If readers of this blog know anything about my biases, I hope it's that I hate early presidential race speculation with the heat of a thousand young suns. Most such speculation is cable TV time-wasting filler, focused on a boring, binary question. Will X candidate run for president? Yes, and he'll decide on his own time. When a possible candidate denies that he's interested, he is under no legal stricture preventing him from running anyway. See "Obama, Barack H." There's a world of difference between Maggie Haberman's "Hillary shadow campaign" story, and the phoned-in nonsense that lays out why such-and-such senator should probably run.
Fine. That said, I'm sort of offended to be included in this Michael Calderone piece. Titled "Brian Schweitzer Emerges as Media's Hillary Clinton Challenger of the Moment," it mentions that the former Montana governor did three TV interviews this week, and that "the media seems intent on finding someone who might challenge Clinton."
This gets the agency of this all wrong. Calderone writes that "Schweitzer has done his part to drum up media speculation over a 2016 run, announcing plans last month to visit all 99 counties in Iowa," which is the point. Should the media not notice when one of a party's national figures confirms that he wants to stump in Iowa? This isn't anything like the vaporous "progressives want Elizabeth Warren to run" theory,* based on the fact that one progressive PAC distributes pro-Warren merch and that Elizabeth Warren is popular. Schweitzer, who has been popular with liberal bloggers and activists since at least 2004, is telling reporters he's open to a 2016 run. We're not building a box and putting him in it. The dude brought his own box!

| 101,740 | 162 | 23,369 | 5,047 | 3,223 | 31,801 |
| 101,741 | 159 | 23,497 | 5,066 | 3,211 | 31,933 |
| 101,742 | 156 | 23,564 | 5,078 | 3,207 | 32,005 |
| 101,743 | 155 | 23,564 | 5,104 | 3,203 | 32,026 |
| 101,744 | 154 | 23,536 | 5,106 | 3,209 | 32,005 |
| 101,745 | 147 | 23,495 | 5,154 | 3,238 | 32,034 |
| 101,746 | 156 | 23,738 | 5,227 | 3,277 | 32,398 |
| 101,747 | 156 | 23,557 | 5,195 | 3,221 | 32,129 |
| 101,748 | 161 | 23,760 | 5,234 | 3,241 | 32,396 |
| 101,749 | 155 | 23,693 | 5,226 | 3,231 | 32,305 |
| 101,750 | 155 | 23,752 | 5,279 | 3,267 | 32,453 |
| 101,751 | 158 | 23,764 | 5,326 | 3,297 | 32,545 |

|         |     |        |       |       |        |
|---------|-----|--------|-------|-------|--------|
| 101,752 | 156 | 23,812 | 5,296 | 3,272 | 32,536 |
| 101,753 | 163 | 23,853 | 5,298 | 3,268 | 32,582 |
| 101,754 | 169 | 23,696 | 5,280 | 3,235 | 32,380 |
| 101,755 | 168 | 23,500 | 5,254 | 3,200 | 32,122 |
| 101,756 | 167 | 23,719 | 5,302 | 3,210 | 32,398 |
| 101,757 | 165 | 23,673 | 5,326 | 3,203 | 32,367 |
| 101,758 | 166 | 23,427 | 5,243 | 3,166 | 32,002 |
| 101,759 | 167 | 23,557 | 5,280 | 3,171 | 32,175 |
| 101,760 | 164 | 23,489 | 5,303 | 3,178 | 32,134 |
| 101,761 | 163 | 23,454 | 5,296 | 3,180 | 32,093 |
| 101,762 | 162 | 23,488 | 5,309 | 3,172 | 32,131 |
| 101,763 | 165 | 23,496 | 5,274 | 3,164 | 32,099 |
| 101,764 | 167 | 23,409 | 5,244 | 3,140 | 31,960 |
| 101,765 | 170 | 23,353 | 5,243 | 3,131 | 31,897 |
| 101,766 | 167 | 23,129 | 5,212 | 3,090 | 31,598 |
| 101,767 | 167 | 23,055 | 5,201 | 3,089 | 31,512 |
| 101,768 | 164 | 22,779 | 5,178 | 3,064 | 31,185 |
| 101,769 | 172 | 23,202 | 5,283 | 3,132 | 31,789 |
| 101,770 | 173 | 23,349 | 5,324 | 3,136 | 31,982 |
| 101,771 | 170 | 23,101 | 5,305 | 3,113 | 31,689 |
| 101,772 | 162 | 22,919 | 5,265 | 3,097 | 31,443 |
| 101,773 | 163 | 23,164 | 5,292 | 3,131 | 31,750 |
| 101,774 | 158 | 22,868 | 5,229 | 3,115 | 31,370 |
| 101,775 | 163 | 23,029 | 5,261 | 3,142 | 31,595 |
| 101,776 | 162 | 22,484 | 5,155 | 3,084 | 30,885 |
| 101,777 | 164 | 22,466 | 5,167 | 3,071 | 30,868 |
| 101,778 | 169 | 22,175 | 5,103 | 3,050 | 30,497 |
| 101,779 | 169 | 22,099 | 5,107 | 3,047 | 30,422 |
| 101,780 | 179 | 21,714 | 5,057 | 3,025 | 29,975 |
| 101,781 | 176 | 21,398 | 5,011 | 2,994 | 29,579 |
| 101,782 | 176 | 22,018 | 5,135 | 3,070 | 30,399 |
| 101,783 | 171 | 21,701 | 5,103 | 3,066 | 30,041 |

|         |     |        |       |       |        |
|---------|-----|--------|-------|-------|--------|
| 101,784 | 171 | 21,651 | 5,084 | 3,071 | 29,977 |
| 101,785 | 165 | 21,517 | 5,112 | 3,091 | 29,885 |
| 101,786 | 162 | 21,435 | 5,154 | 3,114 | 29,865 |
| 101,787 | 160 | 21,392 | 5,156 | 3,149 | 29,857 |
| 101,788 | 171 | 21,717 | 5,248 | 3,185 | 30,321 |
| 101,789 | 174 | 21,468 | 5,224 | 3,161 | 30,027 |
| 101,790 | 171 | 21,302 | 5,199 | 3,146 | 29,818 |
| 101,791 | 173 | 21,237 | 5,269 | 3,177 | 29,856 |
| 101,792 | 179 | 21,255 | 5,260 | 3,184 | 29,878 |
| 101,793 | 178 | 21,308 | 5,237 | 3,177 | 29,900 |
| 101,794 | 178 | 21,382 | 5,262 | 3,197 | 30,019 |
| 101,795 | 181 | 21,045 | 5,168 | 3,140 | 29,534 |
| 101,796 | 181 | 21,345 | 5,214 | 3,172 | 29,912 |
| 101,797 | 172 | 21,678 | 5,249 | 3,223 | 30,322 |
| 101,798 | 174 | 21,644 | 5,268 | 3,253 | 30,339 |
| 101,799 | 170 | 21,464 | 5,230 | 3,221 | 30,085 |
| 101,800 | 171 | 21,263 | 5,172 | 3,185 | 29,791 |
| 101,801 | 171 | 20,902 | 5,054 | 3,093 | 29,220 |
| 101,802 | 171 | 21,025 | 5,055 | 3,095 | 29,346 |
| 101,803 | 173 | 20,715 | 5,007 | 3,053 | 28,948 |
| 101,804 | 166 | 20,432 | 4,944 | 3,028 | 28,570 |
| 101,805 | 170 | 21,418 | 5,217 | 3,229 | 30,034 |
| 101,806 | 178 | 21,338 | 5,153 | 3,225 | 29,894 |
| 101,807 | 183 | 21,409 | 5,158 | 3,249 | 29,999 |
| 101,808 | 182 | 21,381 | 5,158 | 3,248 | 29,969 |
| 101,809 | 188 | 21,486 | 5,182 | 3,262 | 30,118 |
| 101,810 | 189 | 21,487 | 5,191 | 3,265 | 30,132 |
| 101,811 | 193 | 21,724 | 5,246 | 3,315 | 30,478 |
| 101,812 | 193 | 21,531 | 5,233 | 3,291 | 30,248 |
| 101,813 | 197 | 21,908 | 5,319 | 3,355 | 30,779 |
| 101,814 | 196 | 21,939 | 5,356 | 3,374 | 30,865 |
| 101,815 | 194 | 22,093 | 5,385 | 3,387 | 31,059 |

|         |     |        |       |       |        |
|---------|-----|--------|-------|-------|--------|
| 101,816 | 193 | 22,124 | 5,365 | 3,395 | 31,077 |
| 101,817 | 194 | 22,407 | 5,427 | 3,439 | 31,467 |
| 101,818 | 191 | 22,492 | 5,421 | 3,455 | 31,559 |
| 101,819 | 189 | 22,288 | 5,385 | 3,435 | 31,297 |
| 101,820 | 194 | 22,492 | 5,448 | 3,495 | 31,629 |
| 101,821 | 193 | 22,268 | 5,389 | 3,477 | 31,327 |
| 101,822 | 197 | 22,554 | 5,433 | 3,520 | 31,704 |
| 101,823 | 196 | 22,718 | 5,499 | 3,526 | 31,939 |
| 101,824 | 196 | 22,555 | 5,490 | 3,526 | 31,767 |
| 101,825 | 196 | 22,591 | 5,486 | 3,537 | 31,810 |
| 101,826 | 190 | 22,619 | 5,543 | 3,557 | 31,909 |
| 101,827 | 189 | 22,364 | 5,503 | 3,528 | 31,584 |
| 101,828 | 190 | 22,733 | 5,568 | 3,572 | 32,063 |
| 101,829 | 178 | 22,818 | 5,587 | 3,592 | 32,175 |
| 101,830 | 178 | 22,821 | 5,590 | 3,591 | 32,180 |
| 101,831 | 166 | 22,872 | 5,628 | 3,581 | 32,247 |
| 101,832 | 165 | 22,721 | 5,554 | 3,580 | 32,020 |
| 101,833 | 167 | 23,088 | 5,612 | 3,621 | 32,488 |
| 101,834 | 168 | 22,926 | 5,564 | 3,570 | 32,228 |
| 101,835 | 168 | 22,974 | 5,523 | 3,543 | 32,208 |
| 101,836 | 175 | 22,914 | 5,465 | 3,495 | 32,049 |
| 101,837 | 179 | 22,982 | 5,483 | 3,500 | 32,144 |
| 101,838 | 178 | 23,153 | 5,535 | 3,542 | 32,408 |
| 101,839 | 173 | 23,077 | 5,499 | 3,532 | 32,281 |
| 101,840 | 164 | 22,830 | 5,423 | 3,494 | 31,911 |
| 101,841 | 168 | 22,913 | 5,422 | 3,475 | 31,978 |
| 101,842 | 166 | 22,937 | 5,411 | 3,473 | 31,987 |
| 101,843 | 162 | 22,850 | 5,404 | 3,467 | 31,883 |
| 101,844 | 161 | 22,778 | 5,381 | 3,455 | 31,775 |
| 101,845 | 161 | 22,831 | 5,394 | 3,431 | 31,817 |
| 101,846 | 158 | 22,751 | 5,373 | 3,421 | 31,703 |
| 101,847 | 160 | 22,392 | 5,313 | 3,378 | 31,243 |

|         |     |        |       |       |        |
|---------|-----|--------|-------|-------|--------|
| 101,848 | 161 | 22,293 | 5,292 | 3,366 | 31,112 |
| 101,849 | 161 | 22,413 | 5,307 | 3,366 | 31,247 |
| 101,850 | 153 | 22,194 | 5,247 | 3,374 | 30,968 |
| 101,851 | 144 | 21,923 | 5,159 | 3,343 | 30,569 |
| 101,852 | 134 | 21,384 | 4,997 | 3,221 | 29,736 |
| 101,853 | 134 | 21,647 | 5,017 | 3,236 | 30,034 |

If Calderone's point is that the media doesn't want a boring 2016, well, sure. There's lots of money to be lost if Clinton faces no primary challenge, no debates. If the point is that the press often approaches the 2016 question in a derp-laden way, sure, no question. The first three questions CNN presented Schweitzer with this week:
"As you mull this possibility of running, let me just begin with this. Do you pretty much take it for granted that Hillary Clinton will run?"
"If you were to run against Hillary Clinton, my question would be, would you run to her left or would you offer yourself up as a more conservative choice for Democrats?"
"I hear you answering the question, Governor, on your record, but I asked you, would you be left or right of Hillary Clinton? Can you answer that one?"
Ugh. He's already said he wants to visit Iowa again and again and again! He's got a record that's left-wing on privacy, right-wing (generally speaking) on energy! Ask about that! Don't be dazzled by the possibility that the guy might run for president! There's a long, beautiful period in which possible candidates, rather than being asked to respond to an opponent's gaffe that day, rather than being clammed up by communications staffers, can be asked about basically anything.
*No disrespect to Noam Scheiber, whose story about "Hillary's Worst Nightmare"—Warren—was largely about Clinton's need to prevent the impression that she was too pro-Wall Street and unconcerned with inequality. Clinton has since moved to prevent this.